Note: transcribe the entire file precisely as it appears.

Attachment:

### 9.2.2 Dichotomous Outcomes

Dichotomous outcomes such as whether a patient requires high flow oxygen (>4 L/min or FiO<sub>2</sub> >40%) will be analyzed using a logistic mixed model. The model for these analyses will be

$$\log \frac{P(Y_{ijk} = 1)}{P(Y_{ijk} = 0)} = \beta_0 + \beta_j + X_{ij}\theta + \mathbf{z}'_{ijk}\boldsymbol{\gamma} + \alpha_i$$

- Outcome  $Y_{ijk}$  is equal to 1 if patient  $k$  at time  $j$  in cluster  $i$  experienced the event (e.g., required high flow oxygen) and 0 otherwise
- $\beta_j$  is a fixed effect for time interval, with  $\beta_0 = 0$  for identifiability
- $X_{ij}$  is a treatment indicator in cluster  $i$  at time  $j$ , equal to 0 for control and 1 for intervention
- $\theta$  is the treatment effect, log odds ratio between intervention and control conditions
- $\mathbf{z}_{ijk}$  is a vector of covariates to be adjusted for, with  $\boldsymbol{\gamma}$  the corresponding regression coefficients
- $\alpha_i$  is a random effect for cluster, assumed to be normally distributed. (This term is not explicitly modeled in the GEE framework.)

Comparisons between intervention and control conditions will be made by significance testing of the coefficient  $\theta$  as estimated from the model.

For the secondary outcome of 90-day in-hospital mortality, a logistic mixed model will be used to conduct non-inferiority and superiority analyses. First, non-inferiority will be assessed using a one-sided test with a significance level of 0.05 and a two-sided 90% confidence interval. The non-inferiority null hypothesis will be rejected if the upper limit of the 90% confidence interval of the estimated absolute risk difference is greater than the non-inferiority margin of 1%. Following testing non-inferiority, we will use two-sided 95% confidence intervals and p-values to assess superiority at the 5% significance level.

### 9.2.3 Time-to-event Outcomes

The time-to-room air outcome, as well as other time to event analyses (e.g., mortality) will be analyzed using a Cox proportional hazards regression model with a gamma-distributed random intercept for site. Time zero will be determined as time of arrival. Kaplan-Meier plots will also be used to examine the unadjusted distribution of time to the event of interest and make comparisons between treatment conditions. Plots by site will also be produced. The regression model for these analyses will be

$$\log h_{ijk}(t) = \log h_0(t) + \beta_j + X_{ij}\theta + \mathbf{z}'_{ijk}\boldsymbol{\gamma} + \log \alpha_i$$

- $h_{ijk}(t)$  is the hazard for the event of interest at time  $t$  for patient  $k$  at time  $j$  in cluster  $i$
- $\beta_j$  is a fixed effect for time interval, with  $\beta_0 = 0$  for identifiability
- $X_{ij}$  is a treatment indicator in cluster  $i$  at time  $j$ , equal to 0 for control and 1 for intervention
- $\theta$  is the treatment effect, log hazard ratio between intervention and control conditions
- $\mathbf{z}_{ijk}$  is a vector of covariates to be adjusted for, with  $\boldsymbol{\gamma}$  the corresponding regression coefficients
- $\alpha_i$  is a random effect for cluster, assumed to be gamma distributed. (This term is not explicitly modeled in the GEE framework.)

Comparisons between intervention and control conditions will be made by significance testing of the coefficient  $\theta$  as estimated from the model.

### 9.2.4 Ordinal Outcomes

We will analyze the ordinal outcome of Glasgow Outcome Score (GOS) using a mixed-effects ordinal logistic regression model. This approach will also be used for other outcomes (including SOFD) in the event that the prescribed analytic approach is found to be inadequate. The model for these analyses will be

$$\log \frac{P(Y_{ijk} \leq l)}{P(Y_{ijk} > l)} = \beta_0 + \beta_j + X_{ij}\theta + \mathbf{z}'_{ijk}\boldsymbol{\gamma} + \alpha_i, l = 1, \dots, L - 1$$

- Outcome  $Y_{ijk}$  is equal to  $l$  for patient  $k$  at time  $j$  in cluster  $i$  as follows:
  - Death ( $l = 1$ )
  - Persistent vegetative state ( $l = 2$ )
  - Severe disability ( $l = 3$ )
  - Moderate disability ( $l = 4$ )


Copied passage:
### 9.2.2 Dichotomous Outcomes

Dichotomous outcomes such as whether a patient requires high flow oxygen (>4 L/min or FiO<sub>2</sub> >40%) will be analyzed using a logistic mixed model. The model for these analyses will be

$$\log \frac{P(Y_{ijk} = 1)}{P(Y_{ijk} = 0)} = \beta_0 + \beta_j + X_{ij}\theta + \mathbf{z}'_{ijk}\boldsymbol{\gamma} + \alpha_i$$

- Outcome  $Y_{ijk}$  is equal to 1 if patient  $k$  at time  $j$  in cluster  $i$  experienced the event (e.g., required high flow oxygen) and 0 otherwise
- $\beta_j$  is a fixed effect for time interval, with  $\beta_0 = 0$  for identifiability
- $X_{ij}$  is a treatment indicator in cluster  $i$  at time  $j$ , equal to 0 for control and 1 for intervention
- $\theta$  is the treatment effect, log odds ratio between intervention and control conditions
- $\mathbf{z}_{ijk}$  is a vector of covariates to be adjusted for, with  $\boldsymbol{\gamma}$  the corresponding regression coefficients
- $\alpha_i$  is a random effect for cluster, assumed to be normally distributed. (This term is not explicitly modeled in the GEE framework.)

Comparisons between intervention and control conditions will be made by significance testing of the coefficient  $\theta$  as estimated from the model.

For the secondary outcome of 90-day in-hospital mortality, a logistic mixed model will be used to conduct non-inferiority and superiority analyses. First, non-inferiority will be assessed using a one-sided test with a significance level of 0.05 and a two-sided 90% confidence interval. The non-inferiority null hypothesis will be rejected if the upper limit of the 90% confidence interval of the estimated absolute risk difference is greater than the non-inferiority margin of 1%. Following testing non-inferiority, we will use two-sided 95% confidence intervals and p-values to assess superiority at the 5% significance level.

### 9.2.3 Time-to-event Outcomes

The time-to-room air outcome, as well as other time to event analyses (e.g., mortality) will be analyzed using a Cox proportional hazards regression model with a gamma-distributed random intercept for site. Time zero will be determined as time of arrival. Kaplan-Meier plots will also be used to examine the unadjusted distribution of time to the event of interest and make comparisons between treatment conditions. Plots by site will also be produced. The regression model for these analyses will be

$$\log h_{ijk}(t) = \log h_0(t) + \beta_j + X_{ij}\theta + \mathbf{z}'_{ijk}\boldsymbol{\gamma} + \log \alpha_i$$

- $h_{ijk}(t)$  is the hazard for the event of interest at time  $t$  for patient  $k$  at time  $j$  in cluster  $i$
- $\beta_j$  is a fixed effect for time interval, with  $\beta_0 = 0$  for identifiability
- $X_{ij}$  is a treatment indicator in cluster  $i$  at time  $j$ , equal to 0 for control and 1 for intervention
- $\theta$  is the treatment effect, log hazard ratio between intervention and control conditions
- $\mathbf{z}_{ijk}$  is a vector of covariates to be adjusted for, with  $\boldsymbol{\gamma}$  the corresponding regression coefficients
- $\alpha_i$  is a random effect for cluster, assumed to be gamma distributed. (This term is not explicitly modeled in the GEE framework.)

Comparisons between intervention and control conditions will be made by significance testing of the coefficient  $\theta$  as estimated from the model.

### 9.2.4 Ordinal Outcomes

We will analyze the ordinal outcome of Glasgow Outcome Score (GOS) using a mixed-effects ordinal logistic regression model. This approach will also be used for other outcomes (including SOFD) in the event that the prescribed analytic approach is found to be inadequate. The model for these analyses will be

$$\log \frac{P(Y_{ijk} \leq l)}{P(Y_{ijk} > l)} = \beta_0 + \beta_j + X_{ij}\theta + \mathbf{z}'_{ijk}\boldsymbol{\gamma} + \alpha_i, l = 1, \dots, L - 1$$

- Outcome  $Y_{ijk}$  is equal to  $l$  for patient  $k$  at time  $j$  in cluster  $i$  as follows:
  - Death ( $l = 1$ )
  - Persistent vegetative state ( $l = 2$ )
  - Severe disability ( $l = 3$ )
  - Moderate disability ( $l = 4$ )